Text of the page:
Nocturnal: Of the night.

Petty single: The toe of a hawk.

Pitch: Height a falcon reaches before stooping or height a hawk goes up in the trees.

Pitch, to: To land.

Put in, to: To drive prey into cover.

Put out, to: To drive prey out of cover.

Put over, to: To move food from the crop into the stomach.

Pounces: The talons of a shortwing or broadwing.

Point: The position of prey hiding in cover.

Quarry: Prey a hawk is flown to, or offered.

Rake, to: To fly far from the falconer or the point or try grab food off the glove.

Rangle: Small stones or pebbles hawks & falcons eat to aid crushing food in the crop.

Reclaim, to: To train a hawk after a period of liberty (see also Enseam.)

Refuse, to: To give up or not fly to quarry.

Rouse, to: To shake the feathers.

Serve, to: To find and reveal quarry for a hawk.

Sharp set: Describes an eager hawk.

Shortwing: Of the family Accipiter - or 'True' hawks.

Slip: A flight at quarry.

Slip,to: To release a bird to fly to quarry.

Static display: A display of tethered hawks.

Stoop, to: To tuck in the wings and dive headfirst from a height.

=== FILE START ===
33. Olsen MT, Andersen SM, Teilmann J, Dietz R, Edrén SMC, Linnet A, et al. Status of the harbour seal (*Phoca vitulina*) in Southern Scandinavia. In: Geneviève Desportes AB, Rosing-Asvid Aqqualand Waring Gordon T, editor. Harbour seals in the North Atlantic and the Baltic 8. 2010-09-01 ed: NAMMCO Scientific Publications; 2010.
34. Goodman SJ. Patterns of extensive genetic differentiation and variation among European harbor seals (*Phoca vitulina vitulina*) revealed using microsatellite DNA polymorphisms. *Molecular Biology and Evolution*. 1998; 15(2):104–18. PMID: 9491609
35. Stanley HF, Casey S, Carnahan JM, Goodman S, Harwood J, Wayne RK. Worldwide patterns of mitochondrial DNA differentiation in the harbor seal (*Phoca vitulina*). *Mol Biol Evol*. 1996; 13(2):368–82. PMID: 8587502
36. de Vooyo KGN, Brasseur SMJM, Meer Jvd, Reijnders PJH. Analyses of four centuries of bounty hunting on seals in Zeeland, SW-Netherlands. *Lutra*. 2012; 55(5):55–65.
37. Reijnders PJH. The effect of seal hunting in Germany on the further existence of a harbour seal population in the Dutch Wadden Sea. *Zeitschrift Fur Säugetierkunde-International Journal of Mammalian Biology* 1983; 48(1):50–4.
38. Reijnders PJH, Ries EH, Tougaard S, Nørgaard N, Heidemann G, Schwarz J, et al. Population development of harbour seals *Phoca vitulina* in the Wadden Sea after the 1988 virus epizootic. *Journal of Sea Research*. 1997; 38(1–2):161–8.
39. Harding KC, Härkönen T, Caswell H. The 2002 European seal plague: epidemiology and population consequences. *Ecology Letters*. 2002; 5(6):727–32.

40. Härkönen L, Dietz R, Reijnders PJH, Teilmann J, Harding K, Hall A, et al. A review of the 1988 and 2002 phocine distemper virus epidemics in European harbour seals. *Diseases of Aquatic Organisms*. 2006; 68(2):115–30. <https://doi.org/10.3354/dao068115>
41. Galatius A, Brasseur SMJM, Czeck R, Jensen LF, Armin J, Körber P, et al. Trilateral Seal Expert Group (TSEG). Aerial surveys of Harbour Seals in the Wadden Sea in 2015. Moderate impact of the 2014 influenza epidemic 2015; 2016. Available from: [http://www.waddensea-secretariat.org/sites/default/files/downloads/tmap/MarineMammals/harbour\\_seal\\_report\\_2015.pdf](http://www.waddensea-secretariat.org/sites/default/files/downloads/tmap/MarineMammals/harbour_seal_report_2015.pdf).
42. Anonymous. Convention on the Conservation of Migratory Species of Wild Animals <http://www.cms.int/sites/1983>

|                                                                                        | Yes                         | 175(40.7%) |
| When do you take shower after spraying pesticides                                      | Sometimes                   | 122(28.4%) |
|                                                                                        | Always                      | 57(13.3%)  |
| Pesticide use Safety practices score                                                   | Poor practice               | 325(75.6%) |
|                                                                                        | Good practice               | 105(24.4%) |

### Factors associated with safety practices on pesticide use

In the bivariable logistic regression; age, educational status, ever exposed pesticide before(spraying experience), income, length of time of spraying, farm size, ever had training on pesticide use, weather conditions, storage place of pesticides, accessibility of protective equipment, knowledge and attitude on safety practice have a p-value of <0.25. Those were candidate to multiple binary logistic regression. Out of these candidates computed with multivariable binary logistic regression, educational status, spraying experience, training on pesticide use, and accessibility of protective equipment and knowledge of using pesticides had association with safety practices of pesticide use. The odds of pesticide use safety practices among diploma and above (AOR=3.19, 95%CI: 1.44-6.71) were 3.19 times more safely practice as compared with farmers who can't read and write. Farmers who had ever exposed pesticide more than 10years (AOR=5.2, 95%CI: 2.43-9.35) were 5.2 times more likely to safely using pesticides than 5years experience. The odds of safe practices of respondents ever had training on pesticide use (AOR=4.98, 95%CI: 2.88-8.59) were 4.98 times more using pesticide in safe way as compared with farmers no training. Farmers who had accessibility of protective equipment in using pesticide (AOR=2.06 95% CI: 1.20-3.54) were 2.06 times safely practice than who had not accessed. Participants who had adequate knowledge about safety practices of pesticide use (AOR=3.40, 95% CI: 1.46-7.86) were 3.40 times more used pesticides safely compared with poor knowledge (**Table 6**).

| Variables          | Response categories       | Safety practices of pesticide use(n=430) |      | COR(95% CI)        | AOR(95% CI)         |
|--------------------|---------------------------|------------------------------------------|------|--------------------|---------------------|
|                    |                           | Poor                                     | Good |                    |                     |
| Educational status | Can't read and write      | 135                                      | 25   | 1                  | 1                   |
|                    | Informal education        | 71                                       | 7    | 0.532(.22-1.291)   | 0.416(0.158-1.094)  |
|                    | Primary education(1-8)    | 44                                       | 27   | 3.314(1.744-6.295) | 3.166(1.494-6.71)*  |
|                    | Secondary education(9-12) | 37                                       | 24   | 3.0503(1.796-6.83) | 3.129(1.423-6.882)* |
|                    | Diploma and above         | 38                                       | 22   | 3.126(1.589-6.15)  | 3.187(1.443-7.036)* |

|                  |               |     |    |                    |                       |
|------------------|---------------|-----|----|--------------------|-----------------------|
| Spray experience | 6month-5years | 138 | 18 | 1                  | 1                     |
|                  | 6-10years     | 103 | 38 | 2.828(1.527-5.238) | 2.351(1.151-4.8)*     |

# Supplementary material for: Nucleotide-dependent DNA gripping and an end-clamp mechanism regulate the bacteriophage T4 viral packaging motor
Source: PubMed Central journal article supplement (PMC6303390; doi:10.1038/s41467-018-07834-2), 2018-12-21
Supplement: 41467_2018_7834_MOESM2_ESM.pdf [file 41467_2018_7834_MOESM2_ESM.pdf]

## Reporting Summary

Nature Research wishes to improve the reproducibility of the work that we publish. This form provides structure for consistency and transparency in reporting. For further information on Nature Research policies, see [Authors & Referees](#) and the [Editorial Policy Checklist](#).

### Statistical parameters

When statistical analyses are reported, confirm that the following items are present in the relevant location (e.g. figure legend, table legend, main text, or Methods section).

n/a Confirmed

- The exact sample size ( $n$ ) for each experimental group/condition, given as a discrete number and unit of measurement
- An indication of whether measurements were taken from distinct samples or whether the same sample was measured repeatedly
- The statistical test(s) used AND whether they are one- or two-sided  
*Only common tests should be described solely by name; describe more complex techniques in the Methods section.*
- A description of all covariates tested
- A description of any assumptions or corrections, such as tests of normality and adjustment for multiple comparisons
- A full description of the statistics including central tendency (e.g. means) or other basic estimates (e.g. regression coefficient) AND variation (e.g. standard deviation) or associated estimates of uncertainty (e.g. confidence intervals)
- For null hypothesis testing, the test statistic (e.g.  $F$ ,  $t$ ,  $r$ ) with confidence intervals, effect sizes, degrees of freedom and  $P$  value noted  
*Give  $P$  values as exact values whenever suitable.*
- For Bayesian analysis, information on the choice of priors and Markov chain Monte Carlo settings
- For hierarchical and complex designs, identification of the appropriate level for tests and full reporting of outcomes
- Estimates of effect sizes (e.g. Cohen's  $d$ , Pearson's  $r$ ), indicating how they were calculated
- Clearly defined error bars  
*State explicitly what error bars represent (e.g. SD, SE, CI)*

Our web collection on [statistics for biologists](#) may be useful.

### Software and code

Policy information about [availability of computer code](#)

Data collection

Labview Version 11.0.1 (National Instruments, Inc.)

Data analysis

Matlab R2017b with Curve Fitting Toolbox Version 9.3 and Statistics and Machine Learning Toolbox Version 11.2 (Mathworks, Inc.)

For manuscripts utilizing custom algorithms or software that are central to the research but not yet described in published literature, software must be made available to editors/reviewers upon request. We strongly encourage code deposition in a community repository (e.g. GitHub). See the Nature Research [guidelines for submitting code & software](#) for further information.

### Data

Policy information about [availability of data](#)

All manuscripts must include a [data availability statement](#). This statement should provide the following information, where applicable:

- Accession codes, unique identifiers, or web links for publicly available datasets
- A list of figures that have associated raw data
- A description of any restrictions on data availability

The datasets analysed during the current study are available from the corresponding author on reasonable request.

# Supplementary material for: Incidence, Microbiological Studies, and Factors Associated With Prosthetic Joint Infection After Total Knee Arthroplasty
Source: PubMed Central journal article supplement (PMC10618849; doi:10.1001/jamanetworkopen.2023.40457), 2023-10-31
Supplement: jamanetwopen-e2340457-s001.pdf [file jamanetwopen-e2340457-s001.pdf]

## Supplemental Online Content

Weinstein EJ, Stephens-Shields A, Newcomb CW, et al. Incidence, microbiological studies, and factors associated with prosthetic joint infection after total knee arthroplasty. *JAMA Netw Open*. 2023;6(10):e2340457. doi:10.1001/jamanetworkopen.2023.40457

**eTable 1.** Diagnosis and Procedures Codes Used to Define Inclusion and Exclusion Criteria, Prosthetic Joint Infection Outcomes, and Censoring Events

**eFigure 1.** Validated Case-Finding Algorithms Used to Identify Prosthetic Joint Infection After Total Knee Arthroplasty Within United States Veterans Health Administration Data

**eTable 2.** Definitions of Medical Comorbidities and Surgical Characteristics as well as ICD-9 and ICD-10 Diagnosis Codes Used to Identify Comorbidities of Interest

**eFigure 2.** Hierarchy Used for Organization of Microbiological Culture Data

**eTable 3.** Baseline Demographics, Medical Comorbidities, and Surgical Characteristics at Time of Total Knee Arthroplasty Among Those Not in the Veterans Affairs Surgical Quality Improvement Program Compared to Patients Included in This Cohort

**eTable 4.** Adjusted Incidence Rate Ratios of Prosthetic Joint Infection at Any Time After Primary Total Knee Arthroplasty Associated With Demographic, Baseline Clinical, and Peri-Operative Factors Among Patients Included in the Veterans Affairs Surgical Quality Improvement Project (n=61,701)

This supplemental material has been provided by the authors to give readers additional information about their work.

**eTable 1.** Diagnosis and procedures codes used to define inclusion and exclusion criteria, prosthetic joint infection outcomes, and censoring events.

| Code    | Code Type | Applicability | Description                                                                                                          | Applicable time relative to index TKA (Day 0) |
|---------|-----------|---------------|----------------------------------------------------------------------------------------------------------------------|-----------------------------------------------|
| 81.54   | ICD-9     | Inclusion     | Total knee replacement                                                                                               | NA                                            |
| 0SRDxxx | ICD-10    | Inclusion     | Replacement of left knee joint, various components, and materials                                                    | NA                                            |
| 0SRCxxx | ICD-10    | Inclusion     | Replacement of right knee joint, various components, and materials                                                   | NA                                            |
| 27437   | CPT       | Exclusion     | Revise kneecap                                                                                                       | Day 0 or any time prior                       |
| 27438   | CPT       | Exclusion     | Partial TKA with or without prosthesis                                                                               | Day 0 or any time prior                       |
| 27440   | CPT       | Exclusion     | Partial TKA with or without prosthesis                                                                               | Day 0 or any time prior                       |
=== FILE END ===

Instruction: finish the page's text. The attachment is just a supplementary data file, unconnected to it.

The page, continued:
Strike the hood, to: To pull the hood braces open.

Swivel: Metal piece of furniture attached between jesses and leash to prevent entanglement.

Take stand, to: To perch in a tree.

Tether, to: To secure a bird of prey to its perch.

Throw up, to: To fly up after a dive or stoop.

Tiercel: Originally the male peregrine, often describes male falcons

Tercel: The male goshawk .

Tiring: Usually bone with a sparse amount of meat on it, used to work the beak and the neck muscles.

Train: Tail of a hawk or falcon.

Turn tail: To give up in mid flight .

Yarak, in: Describes a hawk in good hunting condition (see also Sharp set.)

Wait on, to: To reach a pitch & wait to be served.

Weather, to: To put birds in the open air.

Weathering-pen: A mesh-fronted covered shelter.

Weathering-ground: An open area to allow birds to weather.

Whistle off, to: To call off a hawk a perch with a whistle.

Whistle on, to: To whistle to a hawk to follow on.


Ancient Geeks practiced falconry around 2000BC. The Goddess Athena is often dipicted with a Little Owl Athene noctua which symbolised her wisdom.

Ancient Egypt temples dating back to 3,000BC are  covered with hieroglyphics of the sun god Horus a Lanner 



A Painting dating back to 3,000 year ago  of a Chinese man out hunting with his Goshawk and Tazy Hounds. It is most commonly believed the sport of falconry was started in China around 4,000 years ago but it actually dates back much eairlier.  

In documented Iranian history Tahmooreth, a king of the Pishdadid dynasty practiced falconry, who himself lived around 6000 BC.


In 2004 archaeologists un-earthed an eagles leg with leather strapping around it ankles, when carbon dated they found the leg to be 12,000 years old dating back to 10,000BC.